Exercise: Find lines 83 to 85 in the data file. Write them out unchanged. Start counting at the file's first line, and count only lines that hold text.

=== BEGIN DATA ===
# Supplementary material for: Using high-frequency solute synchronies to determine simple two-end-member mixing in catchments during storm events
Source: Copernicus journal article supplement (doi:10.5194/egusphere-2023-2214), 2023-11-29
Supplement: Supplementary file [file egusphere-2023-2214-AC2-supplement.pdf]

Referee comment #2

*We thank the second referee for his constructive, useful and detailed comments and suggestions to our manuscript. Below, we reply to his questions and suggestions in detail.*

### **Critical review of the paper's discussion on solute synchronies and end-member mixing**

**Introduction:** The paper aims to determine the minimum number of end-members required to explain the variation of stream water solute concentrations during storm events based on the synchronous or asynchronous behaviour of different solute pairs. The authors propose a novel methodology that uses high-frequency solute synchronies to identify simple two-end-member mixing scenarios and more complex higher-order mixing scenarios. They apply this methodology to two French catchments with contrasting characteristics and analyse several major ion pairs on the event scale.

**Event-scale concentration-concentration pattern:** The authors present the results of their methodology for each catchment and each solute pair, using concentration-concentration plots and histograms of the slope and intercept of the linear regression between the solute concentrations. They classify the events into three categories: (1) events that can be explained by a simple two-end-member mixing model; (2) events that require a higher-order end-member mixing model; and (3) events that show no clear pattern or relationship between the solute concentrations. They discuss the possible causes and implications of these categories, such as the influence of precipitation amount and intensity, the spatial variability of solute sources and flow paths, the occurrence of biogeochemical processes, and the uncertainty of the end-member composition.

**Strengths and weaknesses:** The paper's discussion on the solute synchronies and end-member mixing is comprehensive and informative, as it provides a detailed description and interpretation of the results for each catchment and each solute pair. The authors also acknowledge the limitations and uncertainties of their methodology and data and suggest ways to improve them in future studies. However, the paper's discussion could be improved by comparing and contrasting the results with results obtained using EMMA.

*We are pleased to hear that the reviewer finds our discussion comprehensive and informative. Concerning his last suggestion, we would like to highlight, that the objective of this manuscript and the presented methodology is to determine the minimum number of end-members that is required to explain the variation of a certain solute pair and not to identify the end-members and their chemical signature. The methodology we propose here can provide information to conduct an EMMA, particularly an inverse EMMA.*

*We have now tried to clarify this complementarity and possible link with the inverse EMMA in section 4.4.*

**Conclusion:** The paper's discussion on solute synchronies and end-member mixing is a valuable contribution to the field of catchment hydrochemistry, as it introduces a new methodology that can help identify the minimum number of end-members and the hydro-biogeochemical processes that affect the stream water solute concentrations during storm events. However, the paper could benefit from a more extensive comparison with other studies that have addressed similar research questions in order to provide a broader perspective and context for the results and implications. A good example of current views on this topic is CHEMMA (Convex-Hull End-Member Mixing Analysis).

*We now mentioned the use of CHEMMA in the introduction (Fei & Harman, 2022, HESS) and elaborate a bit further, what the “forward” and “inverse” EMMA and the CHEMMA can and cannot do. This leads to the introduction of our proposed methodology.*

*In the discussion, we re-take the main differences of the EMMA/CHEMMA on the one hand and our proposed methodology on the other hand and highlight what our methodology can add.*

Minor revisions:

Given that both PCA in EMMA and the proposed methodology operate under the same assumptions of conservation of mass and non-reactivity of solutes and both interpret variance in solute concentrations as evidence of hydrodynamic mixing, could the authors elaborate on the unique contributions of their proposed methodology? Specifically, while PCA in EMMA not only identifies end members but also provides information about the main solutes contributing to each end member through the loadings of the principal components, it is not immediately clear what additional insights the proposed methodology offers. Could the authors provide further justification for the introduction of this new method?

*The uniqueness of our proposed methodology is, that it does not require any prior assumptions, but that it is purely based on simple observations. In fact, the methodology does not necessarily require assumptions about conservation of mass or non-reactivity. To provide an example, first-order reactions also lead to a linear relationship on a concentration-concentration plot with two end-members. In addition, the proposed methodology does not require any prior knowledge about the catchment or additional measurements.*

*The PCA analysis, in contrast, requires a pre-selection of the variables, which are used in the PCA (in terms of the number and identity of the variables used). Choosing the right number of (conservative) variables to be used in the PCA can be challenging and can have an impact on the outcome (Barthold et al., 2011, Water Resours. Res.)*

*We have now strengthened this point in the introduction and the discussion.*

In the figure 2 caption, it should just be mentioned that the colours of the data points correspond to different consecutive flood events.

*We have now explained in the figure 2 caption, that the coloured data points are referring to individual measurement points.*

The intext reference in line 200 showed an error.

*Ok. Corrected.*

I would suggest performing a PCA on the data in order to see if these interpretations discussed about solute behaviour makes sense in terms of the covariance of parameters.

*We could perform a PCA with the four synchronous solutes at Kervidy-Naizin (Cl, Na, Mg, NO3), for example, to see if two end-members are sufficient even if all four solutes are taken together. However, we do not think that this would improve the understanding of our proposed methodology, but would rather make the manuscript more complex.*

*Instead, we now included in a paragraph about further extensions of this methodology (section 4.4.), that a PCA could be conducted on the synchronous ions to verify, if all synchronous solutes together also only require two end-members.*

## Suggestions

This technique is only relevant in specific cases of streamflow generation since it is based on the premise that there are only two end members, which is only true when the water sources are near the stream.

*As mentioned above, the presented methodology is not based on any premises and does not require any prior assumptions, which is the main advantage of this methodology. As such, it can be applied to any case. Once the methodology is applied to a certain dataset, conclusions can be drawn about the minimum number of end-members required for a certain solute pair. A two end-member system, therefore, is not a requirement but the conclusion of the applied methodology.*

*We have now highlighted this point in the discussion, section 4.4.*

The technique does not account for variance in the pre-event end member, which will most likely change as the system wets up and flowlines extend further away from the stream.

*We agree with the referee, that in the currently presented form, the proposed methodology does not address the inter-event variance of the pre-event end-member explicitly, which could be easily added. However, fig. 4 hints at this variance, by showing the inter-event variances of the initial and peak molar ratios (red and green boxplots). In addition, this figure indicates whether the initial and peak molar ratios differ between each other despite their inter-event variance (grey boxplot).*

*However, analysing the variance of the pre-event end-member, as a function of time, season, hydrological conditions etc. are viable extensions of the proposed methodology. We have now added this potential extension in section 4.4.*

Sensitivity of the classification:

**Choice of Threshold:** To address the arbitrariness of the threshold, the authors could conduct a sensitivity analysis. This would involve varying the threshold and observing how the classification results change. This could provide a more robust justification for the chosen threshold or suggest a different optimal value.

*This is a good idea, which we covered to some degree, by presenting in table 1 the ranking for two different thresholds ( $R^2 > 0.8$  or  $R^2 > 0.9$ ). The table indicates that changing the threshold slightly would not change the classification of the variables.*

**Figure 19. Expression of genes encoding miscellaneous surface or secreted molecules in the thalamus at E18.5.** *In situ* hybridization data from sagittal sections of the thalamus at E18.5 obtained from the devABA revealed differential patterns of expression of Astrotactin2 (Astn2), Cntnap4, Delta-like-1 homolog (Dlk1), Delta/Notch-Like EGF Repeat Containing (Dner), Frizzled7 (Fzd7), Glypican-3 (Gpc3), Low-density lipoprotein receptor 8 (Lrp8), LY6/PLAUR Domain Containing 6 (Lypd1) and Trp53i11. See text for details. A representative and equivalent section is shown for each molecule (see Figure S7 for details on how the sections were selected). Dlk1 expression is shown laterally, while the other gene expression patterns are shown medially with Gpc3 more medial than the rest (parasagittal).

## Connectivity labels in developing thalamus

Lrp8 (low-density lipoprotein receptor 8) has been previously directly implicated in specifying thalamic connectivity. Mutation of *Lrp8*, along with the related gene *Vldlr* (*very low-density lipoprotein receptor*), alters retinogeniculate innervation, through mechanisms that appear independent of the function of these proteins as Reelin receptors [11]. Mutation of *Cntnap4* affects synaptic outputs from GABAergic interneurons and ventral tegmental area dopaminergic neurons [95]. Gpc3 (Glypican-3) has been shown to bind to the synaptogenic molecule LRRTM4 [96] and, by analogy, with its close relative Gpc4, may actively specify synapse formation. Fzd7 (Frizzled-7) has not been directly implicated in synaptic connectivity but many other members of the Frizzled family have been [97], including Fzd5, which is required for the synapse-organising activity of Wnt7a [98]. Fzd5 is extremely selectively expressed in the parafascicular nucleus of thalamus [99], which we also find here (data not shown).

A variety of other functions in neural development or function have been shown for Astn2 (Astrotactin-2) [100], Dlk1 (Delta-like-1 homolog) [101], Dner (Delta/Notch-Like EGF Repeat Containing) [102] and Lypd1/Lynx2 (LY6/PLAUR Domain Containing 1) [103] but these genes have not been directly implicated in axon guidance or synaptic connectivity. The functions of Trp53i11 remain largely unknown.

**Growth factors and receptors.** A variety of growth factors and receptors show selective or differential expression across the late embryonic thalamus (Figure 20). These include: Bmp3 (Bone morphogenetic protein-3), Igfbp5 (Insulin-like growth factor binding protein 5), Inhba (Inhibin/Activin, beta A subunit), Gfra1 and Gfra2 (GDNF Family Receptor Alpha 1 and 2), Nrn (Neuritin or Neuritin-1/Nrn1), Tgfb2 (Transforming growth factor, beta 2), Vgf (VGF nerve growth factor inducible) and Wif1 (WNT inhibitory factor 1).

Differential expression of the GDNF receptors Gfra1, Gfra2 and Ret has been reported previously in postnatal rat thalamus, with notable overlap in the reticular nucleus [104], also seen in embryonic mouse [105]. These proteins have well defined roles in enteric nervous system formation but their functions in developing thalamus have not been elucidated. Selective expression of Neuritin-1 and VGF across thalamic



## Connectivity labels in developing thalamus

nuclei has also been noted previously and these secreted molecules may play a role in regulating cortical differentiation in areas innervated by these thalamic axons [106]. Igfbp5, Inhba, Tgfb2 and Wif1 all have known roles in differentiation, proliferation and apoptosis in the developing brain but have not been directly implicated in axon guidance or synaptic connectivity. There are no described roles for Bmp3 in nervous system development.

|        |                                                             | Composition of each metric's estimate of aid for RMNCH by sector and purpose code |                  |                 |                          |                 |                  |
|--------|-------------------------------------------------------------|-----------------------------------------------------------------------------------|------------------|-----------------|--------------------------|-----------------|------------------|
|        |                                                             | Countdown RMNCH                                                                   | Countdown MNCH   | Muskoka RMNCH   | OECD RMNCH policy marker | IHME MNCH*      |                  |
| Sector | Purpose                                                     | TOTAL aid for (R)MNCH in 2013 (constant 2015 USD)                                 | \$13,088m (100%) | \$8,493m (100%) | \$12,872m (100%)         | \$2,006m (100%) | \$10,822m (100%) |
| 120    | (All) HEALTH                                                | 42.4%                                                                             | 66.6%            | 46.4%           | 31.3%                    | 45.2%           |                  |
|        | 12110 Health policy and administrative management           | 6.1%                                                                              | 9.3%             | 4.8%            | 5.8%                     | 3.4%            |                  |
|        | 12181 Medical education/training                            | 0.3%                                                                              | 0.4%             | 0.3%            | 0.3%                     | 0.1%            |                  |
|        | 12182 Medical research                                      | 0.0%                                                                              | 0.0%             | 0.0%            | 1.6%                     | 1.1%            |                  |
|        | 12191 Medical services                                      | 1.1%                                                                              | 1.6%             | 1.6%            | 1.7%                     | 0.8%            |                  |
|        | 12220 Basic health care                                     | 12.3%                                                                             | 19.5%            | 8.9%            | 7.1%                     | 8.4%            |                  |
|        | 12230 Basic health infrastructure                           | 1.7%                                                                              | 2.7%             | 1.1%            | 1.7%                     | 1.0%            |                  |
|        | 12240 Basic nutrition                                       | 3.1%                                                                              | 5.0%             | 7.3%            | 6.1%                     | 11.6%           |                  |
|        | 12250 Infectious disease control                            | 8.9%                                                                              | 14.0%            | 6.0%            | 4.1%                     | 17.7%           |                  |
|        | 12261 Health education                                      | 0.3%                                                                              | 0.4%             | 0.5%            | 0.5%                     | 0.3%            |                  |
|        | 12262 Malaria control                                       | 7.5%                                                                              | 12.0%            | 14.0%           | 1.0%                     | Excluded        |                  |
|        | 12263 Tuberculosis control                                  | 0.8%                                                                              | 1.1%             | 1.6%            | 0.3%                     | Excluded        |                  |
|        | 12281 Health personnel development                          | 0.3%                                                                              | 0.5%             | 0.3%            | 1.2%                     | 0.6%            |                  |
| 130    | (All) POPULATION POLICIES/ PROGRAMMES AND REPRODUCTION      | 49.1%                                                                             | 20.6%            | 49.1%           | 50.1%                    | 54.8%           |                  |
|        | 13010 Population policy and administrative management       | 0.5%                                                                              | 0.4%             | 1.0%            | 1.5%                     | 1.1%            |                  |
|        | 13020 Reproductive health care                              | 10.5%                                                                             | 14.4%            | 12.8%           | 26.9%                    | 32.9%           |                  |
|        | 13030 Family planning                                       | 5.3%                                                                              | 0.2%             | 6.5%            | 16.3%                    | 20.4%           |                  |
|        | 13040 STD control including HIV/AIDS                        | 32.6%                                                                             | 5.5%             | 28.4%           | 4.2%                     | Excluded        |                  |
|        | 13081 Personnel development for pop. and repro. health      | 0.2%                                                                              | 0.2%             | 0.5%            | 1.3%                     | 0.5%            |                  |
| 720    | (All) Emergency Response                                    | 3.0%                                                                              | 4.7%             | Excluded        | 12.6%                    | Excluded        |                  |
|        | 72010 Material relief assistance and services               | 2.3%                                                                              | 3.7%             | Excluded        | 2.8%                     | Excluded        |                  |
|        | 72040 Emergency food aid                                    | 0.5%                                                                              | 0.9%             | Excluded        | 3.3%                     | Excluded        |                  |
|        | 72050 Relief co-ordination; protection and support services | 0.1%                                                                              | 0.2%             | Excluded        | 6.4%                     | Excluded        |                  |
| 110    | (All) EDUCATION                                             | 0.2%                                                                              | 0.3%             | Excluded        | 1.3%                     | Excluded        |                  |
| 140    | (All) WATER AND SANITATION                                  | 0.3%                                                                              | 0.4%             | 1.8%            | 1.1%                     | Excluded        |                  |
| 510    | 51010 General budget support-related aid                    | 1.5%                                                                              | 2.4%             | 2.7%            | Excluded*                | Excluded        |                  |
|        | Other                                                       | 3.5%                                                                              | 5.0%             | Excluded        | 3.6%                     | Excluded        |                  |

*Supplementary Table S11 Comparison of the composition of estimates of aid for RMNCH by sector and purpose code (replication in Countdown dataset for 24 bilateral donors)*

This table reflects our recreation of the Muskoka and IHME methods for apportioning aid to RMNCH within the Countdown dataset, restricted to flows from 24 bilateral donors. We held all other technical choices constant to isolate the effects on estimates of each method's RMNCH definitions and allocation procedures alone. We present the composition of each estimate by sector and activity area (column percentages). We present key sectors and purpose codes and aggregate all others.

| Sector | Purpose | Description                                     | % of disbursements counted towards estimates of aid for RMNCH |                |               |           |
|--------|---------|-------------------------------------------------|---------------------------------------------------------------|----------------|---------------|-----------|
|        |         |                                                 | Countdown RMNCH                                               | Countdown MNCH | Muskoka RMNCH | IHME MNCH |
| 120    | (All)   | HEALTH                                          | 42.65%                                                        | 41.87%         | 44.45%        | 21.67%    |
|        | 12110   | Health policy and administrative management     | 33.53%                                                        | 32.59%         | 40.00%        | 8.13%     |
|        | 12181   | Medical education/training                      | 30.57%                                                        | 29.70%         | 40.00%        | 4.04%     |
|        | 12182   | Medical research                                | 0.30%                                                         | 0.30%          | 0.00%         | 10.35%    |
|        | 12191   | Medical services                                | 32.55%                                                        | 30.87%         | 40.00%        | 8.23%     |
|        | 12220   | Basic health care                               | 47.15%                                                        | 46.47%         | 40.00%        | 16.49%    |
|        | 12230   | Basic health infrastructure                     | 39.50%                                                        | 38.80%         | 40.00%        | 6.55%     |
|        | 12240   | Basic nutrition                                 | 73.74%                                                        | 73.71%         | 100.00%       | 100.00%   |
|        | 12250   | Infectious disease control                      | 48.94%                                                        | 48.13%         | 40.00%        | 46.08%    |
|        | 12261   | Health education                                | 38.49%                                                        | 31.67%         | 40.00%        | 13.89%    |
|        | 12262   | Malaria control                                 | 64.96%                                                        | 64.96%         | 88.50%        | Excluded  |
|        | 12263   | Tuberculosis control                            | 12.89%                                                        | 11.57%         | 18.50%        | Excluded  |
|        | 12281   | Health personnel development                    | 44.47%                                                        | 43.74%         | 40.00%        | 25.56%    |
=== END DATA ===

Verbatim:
|        | 12181   | Medical education/training                      | 30.57%                                                        | 29.70%         | 40.00%        | 4.04%     |
|        | 12182   | Medical research                                | 0.30%                                                         | 0.30%          | 0.00%         | 10.35%    |
|        | 12191   | Medical services                                | 32.55%                                                        | 30.87%         | 40.00%        | 8.23%     |